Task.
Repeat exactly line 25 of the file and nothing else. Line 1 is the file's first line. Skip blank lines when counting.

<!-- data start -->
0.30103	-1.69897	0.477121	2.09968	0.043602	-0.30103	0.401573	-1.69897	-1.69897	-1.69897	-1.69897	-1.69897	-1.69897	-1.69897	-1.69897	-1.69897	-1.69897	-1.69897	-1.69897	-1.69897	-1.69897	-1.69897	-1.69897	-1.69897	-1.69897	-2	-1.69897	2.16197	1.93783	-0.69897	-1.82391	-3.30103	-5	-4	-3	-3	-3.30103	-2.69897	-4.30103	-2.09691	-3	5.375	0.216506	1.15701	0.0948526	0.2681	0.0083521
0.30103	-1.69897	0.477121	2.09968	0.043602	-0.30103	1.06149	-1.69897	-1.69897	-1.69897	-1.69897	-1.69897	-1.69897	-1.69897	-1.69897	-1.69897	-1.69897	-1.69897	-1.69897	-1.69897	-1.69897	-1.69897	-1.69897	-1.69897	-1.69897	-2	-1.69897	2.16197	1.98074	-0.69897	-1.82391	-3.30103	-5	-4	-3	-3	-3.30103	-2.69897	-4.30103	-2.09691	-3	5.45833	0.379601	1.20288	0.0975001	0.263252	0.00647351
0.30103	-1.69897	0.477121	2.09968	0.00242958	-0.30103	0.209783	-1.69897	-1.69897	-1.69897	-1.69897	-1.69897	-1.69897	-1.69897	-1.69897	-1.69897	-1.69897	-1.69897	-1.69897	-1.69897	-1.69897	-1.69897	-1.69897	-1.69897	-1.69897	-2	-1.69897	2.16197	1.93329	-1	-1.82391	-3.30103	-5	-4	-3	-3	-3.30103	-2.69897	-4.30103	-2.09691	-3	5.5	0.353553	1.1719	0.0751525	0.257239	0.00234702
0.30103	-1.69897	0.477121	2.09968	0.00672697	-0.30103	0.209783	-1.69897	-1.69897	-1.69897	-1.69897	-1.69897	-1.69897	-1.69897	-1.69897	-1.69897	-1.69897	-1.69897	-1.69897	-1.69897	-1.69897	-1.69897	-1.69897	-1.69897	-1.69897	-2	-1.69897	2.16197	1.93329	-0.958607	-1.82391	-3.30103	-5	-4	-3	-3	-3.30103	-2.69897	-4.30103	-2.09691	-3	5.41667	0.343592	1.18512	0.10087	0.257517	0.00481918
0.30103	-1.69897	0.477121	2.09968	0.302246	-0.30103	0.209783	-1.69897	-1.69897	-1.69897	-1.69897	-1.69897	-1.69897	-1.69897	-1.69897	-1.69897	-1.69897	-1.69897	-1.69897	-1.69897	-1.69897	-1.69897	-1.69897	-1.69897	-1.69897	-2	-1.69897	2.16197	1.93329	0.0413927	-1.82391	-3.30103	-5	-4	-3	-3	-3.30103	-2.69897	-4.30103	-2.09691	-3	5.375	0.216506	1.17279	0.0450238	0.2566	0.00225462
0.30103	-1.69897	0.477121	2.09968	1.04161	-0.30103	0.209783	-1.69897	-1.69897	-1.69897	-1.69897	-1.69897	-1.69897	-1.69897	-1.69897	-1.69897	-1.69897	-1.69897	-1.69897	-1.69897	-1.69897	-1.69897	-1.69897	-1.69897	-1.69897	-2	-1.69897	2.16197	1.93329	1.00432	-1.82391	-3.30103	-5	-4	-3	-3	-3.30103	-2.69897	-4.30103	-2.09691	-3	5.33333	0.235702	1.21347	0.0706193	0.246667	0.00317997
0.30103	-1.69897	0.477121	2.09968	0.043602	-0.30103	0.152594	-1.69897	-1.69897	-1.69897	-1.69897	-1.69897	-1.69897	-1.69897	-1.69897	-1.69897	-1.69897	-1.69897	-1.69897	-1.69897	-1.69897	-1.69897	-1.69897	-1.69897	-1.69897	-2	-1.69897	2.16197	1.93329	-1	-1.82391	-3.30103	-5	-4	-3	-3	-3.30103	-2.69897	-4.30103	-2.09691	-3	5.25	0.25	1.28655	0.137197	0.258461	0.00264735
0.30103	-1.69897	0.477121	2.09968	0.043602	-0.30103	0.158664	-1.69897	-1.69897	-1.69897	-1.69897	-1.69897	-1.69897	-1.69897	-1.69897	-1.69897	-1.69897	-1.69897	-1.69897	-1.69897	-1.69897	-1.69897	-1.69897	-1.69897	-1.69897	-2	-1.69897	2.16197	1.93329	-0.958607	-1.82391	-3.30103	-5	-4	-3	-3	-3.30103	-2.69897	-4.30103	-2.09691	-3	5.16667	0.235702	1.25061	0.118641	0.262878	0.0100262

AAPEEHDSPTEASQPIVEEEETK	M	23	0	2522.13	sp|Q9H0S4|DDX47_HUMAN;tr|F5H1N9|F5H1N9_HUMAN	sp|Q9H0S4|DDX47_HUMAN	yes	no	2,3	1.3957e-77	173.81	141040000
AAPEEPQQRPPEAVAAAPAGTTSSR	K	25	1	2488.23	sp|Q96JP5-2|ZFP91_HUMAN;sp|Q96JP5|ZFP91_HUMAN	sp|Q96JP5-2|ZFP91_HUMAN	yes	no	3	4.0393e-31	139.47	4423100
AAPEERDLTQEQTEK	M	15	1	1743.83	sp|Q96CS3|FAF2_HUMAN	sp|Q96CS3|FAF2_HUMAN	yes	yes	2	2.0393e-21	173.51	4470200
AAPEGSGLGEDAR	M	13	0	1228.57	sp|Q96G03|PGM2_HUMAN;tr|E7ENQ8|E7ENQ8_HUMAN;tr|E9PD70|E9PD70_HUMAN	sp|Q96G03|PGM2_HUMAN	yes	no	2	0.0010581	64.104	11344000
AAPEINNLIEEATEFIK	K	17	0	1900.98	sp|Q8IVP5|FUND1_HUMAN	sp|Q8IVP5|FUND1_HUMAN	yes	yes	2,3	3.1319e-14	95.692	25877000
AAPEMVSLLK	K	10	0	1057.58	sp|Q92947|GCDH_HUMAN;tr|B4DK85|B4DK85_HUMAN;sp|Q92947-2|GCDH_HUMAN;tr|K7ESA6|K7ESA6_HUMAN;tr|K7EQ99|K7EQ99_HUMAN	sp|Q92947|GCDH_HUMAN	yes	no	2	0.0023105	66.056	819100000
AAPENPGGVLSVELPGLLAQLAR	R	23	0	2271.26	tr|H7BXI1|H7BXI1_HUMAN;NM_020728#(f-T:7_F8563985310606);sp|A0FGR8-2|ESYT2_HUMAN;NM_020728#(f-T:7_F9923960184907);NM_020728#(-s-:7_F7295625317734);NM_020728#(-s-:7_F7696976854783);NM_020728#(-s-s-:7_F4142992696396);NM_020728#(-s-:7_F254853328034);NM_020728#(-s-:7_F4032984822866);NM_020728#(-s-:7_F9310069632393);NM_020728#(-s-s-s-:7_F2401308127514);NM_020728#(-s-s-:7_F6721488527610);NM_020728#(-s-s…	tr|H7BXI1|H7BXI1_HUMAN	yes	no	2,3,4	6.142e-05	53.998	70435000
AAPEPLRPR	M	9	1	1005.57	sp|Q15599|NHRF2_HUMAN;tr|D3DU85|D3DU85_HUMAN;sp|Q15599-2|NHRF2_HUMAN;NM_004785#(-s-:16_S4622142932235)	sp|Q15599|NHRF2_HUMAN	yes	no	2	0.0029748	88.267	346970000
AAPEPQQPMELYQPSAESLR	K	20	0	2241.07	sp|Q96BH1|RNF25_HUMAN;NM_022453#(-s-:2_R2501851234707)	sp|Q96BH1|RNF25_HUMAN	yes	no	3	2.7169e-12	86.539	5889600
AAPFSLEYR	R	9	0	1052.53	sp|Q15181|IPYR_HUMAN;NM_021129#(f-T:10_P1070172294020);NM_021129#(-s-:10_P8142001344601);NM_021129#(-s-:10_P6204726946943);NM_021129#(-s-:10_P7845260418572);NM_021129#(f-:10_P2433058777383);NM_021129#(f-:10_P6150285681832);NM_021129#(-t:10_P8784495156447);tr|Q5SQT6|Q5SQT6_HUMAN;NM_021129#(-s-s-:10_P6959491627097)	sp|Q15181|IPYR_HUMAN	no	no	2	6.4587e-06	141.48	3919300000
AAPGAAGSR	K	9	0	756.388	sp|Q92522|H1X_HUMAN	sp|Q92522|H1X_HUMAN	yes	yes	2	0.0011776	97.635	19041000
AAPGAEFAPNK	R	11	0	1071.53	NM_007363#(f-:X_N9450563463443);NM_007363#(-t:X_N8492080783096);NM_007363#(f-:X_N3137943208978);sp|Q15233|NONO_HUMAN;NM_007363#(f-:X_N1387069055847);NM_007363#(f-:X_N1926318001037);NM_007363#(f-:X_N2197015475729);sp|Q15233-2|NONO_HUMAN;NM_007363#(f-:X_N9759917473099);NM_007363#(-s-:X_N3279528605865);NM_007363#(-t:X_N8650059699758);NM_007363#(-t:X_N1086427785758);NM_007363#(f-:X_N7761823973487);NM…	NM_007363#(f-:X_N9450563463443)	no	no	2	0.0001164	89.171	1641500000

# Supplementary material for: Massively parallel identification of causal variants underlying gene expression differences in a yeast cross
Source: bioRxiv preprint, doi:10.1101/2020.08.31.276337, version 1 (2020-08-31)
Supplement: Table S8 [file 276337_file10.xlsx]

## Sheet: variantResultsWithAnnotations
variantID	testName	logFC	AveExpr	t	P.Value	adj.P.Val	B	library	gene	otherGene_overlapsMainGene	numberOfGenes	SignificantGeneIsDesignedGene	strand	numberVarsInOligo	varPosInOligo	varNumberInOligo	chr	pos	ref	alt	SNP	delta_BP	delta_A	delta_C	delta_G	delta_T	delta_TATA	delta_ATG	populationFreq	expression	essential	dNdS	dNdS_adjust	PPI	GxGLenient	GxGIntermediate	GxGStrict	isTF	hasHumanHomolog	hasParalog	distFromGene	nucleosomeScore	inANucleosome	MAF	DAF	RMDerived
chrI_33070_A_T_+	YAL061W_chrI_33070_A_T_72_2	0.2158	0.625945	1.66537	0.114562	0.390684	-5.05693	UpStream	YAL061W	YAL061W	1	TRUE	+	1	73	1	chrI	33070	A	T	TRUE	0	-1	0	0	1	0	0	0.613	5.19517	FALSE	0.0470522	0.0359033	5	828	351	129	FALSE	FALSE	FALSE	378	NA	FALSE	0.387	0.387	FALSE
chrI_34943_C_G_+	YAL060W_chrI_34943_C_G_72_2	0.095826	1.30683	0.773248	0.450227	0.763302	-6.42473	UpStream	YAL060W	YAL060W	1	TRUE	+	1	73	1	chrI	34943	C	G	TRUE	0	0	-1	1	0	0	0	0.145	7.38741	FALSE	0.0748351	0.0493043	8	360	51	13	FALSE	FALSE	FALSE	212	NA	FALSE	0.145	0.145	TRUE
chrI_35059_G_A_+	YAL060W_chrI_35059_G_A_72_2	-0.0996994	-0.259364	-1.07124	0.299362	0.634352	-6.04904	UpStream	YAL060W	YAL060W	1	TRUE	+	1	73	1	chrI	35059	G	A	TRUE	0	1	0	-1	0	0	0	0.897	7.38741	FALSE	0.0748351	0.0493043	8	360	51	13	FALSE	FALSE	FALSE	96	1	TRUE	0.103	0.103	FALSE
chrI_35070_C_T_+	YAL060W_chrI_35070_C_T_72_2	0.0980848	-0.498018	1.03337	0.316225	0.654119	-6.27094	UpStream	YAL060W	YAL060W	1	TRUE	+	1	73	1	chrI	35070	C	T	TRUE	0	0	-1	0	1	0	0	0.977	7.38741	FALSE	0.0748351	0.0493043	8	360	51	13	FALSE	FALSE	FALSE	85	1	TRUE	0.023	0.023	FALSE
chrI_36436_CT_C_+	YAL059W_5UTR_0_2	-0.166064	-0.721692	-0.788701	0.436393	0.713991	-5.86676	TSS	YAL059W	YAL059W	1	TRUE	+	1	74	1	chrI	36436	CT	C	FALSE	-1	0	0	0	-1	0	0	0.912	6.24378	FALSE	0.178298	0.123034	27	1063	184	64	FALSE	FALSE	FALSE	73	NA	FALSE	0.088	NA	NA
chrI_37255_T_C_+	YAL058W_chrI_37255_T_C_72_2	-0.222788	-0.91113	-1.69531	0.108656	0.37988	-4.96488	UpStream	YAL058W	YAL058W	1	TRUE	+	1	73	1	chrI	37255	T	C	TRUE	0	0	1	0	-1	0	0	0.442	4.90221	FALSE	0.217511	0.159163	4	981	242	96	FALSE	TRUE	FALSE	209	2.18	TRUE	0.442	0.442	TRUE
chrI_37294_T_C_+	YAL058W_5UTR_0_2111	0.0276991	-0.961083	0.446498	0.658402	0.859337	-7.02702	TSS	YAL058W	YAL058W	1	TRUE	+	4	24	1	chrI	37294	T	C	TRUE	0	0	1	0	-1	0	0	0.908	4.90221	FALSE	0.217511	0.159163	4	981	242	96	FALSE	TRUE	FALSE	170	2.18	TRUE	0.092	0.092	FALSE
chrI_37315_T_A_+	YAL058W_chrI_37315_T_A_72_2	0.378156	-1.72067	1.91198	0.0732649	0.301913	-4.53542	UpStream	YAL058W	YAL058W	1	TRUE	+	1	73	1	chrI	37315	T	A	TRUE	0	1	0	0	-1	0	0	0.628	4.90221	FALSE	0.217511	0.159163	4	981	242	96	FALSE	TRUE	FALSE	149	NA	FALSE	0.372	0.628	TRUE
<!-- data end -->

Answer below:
variantID	testName	logFC	AveExpr	t	P.Value	adj.P.Val	B	library	gene	otherGene_overlapsMainGene	numberOfGenes	SignificantGeneIsDesignedGene	strand	numberVarsInOligo	varPosInOligo	varNumberInOligo	chr	pos	ref	alt	SNP	delta_BP	delta_A	delta_C	delta_G	delta_T	delta_TATA	delta_ATG	populationFreq	expression	essential	dNdS	dNdS_adjust	PPI	GxGLenient	GxGIntermediate	GxGStrict	isTF	hasHumanHomolog	hasParalog	distFromGene	nucleosomeScore	inANucleosome	MAF	DAF	RMDerived